Gillian Butler - Fylde Blacksmith
PUBLISHED: 21:44 12 January 2010 | UPDATED: 16:11 20 February 2013
A young woman from the Fylde is forging a name as a blacksmith. Stephanie Bartup reports Photography by Kirsty Thompson
What's a nice girl like Gillian Butler doing in a place normally associated with muscular men pounding pieces of red-hot metal?
'I just love making things,' explains Gillian. 'I saw a course on metalwork in my brother's college prospectus when I was 16 and thought I would give it a go.'
Gillian is one of the few female blacksmiths and, rather than bashing horseshoes into shape, she more often creates some unique and wonderful objects ranging from butterfly sculptures to pieces of furniture.
Ten years on from her course, Gillian has her own workshop located at her family's farm in Esprick on the Fylde. 'My mum and my two brothers work on the farm while I'm in the workshop. I create anything from copper bags, chairs, tables - whatever a customer orders. Each design is unique,' she says.
Her most popular item is a weathervane, which sells for around 100. As we speak Gillian has just completed two orders, a chandelier and a fire grate. She also works on items for the farm and made a roller for the fields.
'I do come in quite useful around the house, I can usually fix things - I even mended the copper curtain rail the other day.'
And it seems news of Gillian's trade is spreading fast, as she recently sent weathervanes to customers in Spain and France. 'I also sent a few smaller decorative items to Australia - they were to people who had heard about my work through friends,' she says.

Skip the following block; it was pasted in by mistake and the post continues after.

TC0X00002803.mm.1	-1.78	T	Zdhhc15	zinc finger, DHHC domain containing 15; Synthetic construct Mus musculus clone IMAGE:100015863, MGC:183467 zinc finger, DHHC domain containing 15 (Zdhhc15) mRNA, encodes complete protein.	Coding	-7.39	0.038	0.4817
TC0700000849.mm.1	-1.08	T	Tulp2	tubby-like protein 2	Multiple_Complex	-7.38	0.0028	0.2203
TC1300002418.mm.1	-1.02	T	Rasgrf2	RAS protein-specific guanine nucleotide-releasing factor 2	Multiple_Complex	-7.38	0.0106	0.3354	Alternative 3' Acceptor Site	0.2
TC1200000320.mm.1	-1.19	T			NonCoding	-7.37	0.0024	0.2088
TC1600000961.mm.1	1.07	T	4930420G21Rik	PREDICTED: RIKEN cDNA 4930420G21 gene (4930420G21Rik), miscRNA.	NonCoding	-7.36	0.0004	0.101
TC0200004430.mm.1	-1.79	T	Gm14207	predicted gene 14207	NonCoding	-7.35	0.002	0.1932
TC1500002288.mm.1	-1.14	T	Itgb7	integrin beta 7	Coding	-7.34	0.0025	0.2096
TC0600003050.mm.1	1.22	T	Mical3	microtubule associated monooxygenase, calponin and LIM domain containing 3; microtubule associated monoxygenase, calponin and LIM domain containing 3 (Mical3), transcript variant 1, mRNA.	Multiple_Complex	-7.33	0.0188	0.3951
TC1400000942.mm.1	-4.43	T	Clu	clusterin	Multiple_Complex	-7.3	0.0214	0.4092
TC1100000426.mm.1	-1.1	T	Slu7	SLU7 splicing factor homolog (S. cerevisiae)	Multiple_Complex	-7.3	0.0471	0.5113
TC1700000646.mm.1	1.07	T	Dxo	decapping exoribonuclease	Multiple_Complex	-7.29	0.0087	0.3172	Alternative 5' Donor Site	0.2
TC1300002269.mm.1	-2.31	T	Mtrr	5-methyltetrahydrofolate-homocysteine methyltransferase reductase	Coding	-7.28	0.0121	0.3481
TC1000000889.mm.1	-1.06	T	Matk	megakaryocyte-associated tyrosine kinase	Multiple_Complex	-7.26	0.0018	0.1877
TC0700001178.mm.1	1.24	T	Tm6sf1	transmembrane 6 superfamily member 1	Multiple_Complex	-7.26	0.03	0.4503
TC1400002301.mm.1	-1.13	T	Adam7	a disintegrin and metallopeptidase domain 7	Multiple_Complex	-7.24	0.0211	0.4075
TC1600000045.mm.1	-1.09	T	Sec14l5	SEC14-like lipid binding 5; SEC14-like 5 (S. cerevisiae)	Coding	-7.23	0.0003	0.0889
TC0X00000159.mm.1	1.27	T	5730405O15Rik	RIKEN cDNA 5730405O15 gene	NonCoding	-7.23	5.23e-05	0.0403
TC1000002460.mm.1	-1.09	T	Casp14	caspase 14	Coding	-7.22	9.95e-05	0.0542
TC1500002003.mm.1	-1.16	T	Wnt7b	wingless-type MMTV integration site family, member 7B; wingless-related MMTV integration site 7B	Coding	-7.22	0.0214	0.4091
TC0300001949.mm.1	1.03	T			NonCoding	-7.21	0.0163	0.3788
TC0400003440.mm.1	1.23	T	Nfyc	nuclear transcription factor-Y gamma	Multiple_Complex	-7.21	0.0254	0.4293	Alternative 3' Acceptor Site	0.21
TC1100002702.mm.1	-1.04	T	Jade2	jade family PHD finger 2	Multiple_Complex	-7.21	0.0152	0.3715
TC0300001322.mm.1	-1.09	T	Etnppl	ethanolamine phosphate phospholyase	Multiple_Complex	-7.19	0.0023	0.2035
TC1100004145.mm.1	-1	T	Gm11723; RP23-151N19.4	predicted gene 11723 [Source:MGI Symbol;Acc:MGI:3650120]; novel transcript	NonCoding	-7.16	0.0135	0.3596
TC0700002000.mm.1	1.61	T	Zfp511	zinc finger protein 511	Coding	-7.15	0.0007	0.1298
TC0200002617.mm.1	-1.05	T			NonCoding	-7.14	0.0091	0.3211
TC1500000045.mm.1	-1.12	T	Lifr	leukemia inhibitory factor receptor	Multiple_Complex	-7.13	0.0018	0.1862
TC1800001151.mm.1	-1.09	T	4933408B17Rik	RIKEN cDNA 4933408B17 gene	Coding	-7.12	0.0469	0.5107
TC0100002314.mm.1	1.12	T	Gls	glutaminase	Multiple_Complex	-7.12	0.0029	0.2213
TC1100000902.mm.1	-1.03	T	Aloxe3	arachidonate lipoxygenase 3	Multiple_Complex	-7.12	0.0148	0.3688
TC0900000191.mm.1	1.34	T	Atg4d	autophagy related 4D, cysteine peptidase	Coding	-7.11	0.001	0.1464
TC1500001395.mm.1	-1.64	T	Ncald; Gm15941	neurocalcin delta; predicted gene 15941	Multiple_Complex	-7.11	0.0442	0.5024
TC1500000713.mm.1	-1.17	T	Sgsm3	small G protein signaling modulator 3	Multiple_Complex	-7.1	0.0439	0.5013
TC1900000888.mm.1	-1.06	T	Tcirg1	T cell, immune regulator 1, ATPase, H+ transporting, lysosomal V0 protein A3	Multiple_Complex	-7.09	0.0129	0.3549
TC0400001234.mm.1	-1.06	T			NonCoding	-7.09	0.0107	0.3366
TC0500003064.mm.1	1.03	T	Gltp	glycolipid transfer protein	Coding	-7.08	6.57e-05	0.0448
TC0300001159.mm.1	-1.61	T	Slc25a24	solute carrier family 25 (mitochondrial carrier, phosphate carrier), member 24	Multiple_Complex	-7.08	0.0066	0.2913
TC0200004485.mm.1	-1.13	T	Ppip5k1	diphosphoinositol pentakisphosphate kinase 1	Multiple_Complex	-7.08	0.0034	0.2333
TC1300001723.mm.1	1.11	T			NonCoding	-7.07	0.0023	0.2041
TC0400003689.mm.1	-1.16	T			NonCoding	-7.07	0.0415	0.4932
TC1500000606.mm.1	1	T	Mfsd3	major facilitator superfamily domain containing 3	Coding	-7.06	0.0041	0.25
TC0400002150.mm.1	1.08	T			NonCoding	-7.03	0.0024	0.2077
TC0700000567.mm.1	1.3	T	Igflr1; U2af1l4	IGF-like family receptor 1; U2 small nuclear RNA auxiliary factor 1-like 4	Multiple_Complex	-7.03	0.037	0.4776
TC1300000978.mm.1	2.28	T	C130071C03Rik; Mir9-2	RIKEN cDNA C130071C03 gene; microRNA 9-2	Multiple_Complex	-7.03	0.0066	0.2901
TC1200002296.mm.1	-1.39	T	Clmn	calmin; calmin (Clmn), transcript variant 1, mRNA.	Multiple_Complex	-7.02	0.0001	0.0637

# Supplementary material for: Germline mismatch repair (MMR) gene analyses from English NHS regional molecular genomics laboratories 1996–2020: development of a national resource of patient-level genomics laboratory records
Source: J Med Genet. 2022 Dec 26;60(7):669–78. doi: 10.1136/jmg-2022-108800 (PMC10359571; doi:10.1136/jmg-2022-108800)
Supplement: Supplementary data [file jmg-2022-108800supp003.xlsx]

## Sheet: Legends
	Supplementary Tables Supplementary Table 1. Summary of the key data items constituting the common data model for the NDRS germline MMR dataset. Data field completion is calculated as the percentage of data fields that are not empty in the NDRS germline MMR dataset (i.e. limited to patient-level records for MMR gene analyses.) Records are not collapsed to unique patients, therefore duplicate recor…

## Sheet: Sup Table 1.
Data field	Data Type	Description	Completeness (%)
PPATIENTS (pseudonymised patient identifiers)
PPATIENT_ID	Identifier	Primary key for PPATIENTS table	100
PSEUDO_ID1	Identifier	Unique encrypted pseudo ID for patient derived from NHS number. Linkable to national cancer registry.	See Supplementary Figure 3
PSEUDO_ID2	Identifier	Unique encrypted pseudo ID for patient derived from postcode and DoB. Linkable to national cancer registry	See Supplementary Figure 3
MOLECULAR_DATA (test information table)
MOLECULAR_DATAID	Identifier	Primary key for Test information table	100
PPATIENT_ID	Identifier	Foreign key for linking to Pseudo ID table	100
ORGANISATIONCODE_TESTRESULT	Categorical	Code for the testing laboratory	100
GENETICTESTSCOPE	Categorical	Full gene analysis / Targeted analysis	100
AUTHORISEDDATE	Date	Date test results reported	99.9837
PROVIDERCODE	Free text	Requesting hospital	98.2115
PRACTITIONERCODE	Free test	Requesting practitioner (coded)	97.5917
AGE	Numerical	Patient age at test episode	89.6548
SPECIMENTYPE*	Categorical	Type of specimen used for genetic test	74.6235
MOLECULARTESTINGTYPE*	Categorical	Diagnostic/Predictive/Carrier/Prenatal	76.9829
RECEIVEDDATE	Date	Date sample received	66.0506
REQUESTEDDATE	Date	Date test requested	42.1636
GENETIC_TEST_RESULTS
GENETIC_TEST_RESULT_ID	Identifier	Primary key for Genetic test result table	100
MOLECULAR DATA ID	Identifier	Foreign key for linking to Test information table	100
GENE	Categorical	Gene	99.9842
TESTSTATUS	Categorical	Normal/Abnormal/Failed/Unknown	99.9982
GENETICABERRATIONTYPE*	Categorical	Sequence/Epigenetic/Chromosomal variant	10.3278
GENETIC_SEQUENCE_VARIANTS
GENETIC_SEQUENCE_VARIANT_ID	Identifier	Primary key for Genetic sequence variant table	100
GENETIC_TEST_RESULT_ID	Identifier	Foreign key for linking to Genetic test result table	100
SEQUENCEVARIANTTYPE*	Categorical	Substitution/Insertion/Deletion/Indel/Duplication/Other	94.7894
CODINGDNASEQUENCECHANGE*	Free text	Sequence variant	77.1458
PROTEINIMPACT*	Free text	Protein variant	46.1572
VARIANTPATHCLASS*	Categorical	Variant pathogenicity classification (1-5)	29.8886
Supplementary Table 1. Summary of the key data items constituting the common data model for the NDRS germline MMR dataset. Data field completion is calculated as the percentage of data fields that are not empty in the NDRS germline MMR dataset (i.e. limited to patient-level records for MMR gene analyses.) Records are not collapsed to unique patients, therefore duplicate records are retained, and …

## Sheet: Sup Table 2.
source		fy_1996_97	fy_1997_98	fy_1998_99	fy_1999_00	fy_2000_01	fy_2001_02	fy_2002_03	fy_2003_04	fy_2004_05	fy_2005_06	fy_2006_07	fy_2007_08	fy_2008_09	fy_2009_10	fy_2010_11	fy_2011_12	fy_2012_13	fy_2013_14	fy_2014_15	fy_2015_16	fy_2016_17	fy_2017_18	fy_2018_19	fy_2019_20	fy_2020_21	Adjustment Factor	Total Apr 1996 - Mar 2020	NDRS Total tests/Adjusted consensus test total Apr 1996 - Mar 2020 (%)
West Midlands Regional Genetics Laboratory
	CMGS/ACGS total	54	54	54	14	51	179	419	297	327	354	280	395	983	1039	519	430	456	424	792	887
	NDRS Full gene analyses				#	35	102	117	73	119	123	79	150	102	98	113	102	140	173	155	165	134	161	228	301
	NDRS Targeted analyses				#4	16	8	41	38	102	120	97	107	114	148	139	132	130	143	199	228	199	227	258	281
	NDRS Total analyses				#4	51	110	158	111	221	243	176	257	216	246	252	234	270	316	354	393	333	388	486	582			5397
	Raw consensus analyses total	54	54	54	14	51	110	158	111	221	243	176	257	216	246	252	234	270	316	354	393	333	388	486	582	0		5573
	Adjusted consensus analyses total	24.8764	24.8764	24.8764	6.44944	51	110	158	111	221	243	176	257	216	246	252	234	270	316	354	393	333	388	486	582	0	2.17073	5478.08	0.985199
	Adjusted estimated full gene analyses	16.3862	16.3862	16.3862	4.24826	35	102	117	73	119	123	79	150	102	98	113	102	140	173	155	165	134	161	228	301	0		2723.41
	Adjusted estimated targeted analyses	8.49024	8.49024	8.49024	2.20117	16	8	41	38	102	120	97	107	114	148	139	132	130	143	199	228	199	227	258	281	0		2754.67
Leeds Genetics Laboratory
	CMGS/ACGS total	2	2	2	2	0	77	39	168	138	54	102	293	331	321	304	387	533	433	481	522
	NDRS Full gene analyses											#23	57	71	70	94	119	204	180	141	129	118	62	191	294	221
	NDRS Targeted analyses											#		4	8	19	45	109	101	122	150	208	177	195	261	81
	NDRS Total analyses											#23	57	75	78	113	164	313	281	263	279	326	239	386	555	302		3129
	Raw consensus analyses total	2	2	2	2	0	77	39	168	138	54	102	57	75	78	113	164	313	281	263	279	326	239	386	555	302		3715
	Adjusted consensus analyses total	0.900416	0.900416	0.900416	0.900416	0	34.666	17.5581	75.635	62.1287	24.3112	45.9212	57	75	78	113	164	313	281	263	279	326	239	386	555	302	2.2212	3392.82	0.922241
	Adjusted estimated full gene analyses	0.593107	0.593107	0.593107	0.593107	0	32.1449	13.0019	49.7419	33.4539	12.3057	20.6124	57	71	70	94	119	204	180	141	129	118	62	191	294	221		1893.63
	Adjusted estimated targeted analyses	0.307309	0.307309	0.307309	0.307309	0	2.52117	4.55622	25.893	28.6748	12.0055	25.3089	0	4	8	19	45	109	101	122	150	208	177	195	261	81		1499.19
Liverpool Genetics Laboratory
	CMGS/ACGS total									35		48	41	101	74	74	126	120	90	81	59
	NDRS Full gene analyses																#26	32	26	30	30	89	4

Being a woman in a male-dominated business does not seem to bother the 26-year-old, who describes herself as 'a bit of a tomboy'.
'Before I opened my workshop, I worked in places where I was the only girl but I don't mind - I grew up with two brothers to contend with,' she laughs. But she admits the job is not an easy one. 'I don't think it's for everyone. It's a lot of hard work - I work every day, with at least 40 hours a week of hard grafting.'
With a career as a blacksmith not foremost in many school-leavers' minds, it's a sad sign of the times that the college course on which Gillian learnt her trade is no longer available. 'I guess there's not a lot of demand for it anymore - it's not something people think of doing,' she reflects.
The unique designs Gillian offers are becoming quite a tourist attraction. 'I get people coming in to see what I do. I know it's quite an unusual job, but I've always been creative. I get my inspiration from nature usually.
'Whenever I'm not sculpting, you'll find me with my horses, or our other animals on the farm. I'm a real country bumpkin!'
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